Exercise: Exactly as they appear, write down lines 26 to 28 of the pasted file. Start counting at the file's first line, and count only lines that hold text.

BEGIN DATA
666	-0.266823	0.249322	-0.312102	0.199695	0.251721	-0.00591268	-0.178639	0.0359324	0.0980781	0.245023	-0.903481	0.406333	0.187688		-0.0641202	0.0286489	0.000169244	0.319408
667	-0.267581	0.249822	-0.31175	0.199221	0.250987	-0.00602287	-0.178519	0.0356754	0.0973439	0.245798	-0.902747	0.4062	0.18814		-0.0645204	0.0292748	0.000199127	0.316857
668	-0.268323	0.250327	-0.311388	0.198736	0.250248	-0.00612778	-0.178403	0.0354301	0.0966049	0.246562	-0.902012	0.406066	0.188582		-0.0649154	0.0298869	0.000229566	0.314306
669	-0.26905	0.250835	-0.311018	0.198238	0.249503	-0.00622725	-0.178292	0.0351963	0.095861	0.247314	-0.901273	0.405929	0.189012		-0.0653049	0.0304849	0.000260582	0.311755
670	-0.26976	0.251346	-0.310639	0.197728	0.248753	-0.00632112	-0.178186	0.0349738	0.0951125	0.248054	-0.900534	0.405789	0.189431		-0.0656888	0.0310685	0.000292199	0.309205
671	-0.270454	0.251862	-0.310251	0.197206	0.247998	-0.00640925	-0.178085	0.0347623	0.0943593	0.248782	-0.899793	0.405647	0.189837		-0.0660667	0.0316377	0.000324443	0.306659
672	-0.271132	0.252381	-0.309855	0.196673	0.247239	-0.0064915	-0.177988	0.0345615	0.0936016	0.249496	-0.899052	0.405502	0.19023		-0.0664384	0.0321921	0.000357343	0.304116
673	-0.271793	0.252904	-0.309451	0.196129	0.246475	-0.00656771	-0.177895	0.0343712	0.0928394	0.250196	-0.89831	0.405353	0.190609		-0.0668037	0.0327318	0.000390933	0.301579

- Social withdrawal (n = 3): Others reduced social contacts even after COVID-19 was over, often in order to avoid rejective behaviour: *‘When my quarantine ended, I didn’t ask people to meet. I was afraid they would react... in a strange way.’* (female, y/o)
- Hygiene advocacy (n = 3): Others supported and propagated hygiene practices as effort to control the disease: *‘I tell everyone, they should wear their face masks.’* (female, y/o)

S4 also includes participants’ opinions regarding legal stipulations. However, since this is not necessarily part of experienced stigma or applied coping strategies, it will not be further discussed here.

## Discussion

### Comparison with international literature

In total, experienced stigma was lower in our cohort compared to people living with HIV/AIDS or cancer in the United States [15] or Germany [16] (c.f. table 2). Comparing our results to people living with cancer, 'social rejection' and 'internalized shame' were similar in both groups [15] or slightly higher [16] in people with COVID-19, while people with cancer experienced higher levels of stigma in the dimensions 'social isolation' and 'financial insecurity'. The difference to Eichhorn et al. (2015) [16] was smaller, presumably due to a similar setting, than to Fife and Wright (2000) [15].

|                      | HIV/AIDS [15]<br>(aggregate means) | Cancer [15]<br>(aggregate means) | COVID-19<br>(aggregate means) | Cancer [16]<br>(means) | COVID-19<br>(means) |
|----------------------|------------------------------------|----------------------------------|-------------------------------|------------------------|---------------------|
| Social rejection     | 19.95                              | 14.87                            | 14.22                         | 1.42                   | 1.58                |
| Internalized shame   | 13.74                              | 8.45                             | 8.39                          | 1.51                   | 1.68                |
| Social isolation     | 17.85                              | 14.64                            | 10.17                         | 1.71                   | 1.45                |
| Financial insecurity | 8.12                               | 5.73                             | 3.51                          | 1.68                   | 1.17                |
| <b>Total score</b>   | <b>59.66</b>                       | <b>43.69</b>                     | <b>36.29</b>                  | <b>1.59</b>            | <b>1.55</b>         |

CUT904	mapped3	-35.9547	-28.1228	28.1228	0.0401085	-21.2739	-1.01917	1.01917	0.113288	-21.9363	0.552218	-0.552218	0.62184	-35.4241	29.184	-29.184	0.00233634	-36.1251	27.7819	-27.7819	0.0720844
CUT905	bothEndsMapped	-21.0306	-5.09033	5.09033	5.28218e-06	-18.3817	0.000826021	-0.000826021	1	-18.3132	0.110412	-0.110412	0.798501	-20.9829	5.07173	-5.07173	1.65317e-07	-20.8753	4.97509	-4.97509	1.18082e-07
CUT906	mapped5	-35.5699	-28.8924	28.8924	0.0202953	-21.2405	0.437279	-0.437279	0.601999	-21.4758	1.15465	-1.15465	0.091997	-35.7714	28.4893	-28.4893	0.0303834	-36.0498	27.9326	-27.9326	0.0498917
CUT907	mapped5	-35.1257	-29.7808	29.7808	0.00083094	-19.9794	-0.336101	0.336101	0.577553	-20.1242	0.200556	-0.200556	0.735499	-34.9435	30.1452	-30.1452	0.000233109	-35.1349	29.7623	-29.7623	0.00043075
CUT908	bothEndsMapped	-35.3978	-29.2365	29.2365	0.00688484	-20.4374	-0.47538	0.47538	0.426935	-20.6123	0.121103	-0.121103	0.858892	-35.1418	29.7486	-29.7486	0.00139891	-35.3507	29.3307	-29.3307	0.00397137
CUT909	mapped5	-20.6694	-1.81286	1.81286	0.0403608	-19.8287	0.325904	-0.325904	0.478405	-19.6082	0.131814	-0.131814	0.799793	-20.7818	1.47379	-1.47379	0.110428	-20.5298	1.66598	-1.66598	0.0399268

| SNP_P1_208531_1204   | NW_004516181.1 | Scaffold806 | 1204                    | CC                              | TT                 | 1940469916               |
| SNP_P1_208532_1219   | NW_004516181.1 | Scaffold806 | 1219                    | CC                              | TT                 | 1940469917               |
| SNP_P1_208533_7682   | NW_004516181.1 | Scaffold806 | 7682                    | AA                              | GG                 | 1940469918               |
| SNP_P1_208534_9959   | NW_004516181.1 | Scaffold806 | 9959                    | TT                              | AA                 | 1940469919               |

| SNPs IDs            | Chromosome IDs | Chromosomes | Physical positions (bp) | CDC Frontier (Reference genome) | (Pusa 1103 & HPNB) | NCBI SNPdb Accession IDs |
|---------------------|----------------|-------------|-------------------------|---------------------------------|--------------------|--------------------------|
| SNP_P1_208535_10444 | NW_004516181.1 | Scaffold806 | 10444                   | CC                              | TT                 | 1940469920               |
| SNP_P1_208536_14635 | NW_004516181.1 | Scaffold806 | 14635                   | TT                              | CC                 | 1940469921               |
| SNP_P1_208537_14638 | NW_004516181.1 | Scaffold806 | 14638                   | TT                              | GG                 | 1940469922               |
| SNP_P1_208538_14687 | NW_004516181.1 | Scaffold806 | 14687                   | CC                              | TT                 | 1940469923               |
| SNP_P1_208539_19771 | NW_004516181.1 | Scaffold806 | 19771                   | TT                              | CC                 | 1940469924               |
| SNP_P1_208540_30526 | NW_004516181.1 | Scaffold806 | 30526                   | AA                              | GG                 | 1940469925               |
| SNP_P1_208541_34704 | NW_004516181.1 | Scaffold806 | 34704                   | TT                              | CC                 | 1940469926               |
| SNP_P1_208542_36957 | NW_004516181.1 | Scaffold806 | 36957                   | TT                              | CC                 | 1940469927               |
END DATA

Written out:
CUT908	bothEndsMapped	-35.3978	-29.2365	29.2365	0.00688484	-20.4374	-0.47538	0.47538	0.426935	-20.6123	0.121103	-0.121103	0.858892	-35.1418	29.7486	-29.7486	0.00139891	-35.3507	29.3307	-29.3307	0.00397137
CUT909	mapped5	-20.6694	-1.81286	1.81286	0.0403608	-19.8287	0.325904	-0.325904	0.478405	-19.6082	0.131814	-0.131814	0.799793	-20.7818	1.47379	-1.47379	0.110428	-20.5298	1.66598	-1.66598	0.0399268

| SNP_P1_208531_1204   | NW_004516181.1 | Scaffold806 | 1204                    | CC                              | TT                 | 1940469916               |